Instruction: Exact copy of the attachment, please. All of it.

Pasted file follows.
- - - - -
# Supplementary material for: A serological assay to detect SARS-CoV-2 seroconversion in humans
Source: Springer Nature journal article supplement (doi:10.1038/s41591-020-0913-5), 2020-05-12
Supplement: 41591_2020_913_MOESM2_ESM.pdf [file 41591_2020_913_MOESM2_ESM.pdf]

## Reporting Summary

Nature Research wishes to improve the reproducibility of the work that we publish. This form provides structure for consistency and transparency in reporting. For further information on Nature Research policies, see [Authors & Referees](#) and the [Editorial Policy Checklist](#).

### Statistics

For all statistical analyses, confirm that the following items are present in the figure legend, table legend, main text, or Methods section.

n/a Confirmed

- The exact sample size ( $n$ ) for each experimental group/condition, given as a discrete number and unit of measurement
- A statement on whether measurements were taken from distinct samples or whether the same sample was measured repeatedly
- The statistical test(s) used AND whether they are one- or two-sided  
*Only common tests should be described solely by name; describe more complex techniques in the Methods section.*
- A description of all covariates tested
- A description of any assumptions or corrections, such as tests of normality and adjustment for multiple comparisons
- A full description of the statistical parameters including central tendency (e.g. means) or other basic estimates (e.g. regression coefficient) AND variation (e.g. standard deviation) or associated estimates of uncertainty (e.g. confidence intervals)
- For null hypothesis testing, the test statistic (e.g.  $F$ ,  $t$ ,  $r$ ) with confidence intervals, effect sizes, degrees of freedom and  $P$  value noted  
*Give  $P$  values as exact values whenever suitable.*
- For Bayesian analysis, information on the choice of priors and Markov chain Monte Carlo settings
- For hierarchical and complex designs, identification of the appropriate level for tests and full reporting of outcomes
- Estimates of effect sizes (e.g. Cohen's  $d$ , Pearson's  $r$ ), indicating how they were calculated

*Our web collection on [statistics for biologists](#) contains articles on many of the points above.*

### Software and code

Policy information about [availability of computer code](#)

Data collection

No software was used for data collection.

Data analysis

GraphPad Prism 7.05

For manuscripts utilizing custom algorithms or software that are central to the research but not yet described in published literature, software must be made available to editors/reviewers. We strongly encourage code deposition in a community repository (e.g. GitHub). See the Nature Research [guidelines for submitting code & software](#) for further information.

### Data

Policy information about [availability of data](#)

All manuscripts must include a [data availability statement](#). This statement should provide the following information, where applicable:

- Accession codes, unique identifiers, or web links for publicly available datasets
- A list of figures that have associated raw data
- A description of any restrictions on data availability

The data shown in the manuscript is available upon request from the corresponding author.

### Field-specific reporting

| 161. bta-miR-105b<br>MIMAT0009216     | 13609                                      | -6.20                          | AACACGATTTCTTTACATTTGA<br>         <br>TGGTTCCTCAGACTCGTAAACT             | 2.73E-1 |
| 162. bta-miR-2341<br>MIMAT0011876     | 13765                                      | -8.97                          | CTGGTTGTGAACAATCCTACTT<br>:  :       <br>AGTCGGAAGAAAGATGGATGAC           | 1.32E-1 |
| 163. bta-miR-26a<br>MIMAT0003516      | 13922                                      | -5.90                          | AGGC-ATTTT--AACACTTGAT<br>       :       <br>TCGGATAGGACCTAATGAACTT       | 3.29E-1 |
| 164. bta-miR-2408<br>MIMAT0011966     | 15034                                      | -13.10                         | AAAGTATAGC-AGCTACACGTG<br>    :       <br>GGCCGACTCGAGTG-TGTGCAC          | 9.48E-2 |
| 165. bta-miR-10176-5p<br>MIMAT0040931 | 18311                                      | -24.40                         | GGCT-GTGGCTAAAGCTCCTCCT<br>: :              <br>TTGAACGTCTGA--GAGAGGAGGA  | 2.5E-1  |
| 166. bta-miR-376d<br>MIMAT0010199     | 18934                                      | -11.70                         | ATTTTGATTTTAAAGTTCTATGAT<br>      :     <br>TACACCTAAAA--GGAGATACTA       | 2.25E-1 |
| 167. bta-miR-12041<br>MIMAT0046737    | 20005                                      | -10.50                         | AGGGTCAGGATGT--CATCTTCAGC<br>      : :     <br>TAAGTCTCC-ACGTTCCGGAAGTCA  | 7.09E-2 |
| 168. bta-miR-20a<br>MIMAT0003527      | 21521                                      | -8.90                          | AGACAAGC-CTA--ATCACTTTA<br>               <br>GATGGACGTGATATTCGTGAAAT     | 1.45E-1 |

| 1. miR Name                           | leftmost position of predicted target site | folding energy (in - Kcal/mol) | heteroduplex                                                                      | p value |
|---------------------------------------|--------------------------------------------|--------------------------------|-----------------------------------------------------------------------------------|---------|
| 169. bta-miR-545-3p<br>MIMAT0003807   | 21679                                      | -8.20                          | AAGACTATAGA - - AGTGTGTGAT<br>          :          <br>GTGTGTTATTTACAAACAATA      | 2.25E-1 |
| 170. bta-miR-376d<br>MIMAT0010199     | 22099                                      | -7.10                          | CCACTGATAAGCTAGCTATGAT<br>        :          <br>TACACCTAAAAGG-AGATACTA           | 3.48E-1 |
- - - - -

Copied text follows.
# Supplementary material for: A serological assay to detect SARS-CoV-2 seroconversion in humans
Source: Springer Nature journal article supplement (doi:10.1038/s41591-020-0913-5), 2020-05-12
Supplement: 41591_2020_913_MOESM2_ESM.pdf [file 41591_2020_913_MOESM2_ESM.pdf]

## Reporting Summary

Nature Research wishes to improve the reproducibility of the work that we publish. This form provides structure for consistency and transparency in reporting. For further information on Nature Research policies, see [Authors & Referees](#) and the [Editorial Policy Checklist](#).

### Statistics

For all statistical analyses, confirm that the following items are present in the figure legend, table legend, main text, or Methods section.

n/a Confirmed

- The exact sample size ( $n$ ) for each experimental group/condition, given as a discrete number and unit of measurement
- A statement on whether measurements were taken from distinct samples or whether the same sample was measured repeatedly
- The statistical test(s) used AND whether they are one- or two-sided  
*Only common tests should be described solely by name; describe more complex techniques in the Methods section.*
- A description of all covariates tested
- A description of any assumptions or corrections, such as tests of normality and adjustment for multiple comparisons
- A full description of the statistical parameters including central tendency (e.g. means) or other basic estimates (e.g. regression coefficient) AND variation (e.g. standard deviation) or associated estimates of uncertainty (e.g. confidence intervals)
- For null hypothesis testing, the test statistic (e.g.  $F$ ,  $t$ ,  $r$ ) with confidence intervals, effect sizes, degrees of freedom and  $P$  value noted  
*Give  $P$  values as exact values whenever suitable.*
- For Bayesian analysis, information on the choice of priors and Markov chain Monte Carlo settings
- For hierarchical and complex designs, identification of the appropriate level for tests and full reporting of outcomes
- Estimates of effect sizes (e.g. Cohen's  $d$ , Pearson's  $r$ ), indicating how they were calculated

*Our web collection on [statistics for biologists](#) contains articles on many of the points above.*

### Software and code

Policy information about [availability of computer code](#)

Data collection

No software was used for data collection.

Data analysis

GraphPad Prism 7.05

For manuscripts utilizing custom algorithms or software that are central to the research but not yet described in published literature, software must be made available to editors/reviewers. We strongly encourage code deposition in a community repository (e.g. GitHub). See the Nature Research [guidelines for submitting code & software](#) for further information.

### Data

Policy information about [availability of data](#)

All manuscripts must include a [data availability statement](#). This statement should provide the following information, where applicable:

- Accession codes, unique identifiers, or web links for publicly available datasets
- A list of figures that have associated raw data
- A description of any restrictions on data availability

The data shown in the manuscript is available upon request from the corresponding author.

### Field-specific reporting

| 161. bta-miR-105b<br>MIMAT0009216     | 13609                                      | -6.20                          | AACACGATTTCTTTACATTTGA<br>         <br>TGGTTCCTCAGACTCGTAAACT             | 2.73E-1 |
| 162. bta-miR-2341<br>MIMAT0011876     | 13765                                      | -8.97                          | CTGGTTGTGAACAATCCTACTT<br>:  :       <br>AGTCGGAAGAAAGATGGATGAC           | 1.32E-1 |
| 163. bta-miR-26a<br>MIMAT0003516      | 13922                                      | -5.90                          | AGGC-ATTTT--AACACTTGAT<br>       :       <br>TCGGATAGGACCTAATGAACTT       | 3.29E-1 |
| 164. bta-miR-2408<br>MIMAT0011966     | 15034                                      | -13.10                         | AAAGTATAGC-AGCTACACGTG<br>    :       <br>GGCCGACTCGAGTG-TGTGCAC          | 9.48E-2 |
| 165. bta-miR-10176-5p<br>MIMAT0040931 | 18311                                      | -24.40                         | GGCT-GTGGCTAAAGCTCCTCCT<br>: :              <br>TTGAACGTCTGA--GAGAGGAGGA  | 2.5E-1  |
| 166. bta-miR-376d<br>MIMAT0010199     | 18934                                      | -11.70                         | ATTTTGATTTTAAAGTTCTATGAT<br>      :     <br>TACACCTAAAA--GGAGATACTA       | 2.25E-1 |
| 167. bta-miR-12041<br>MIMAT0046737    | 20005                                      | -10.50                         | AGGGTCAGGATGT--CATCTTCAGC<br>      : :     <br>TAAGTCTCC-ACGTTCCGGAAGTCA  | 7.09E-2 |
| 168. bta-miR-20a<br>MIMAT0003527      | 21521                                      | -8.90                          | AGACAAGC-CTA--ATCACTTTA<br>               <br>GATGGACGTGATATTCGTGAAAT     | 1.45E-1 |

| 1. miR Name                           | leftmost position of predicted target site | folding energy (in - Kcal/mol) | heteroduplex                                                                      | p value |
|---------------------------------------|--------------------------------------------|--------------------------------|-----------------------------------------------------------------------------------|---------|
| 169. bta-miR-545-3p<br>MIMAT0003807   | 21679                                      | -8.20                          | AAGACTATAGA - - AGTGTGTGAT<br>          :          <br>GTGTGTTATTTACAAACAATA      | 2.25E-1 |
| 170. bta-miR-376d<br>MIMAT0010199     | 22099                                      | -7.10                          | CCACTGATAAGCTAGCTATGAT<br>        :          <br>TACACCTAAAAGG-AGATACTA           | 3.48E-1 |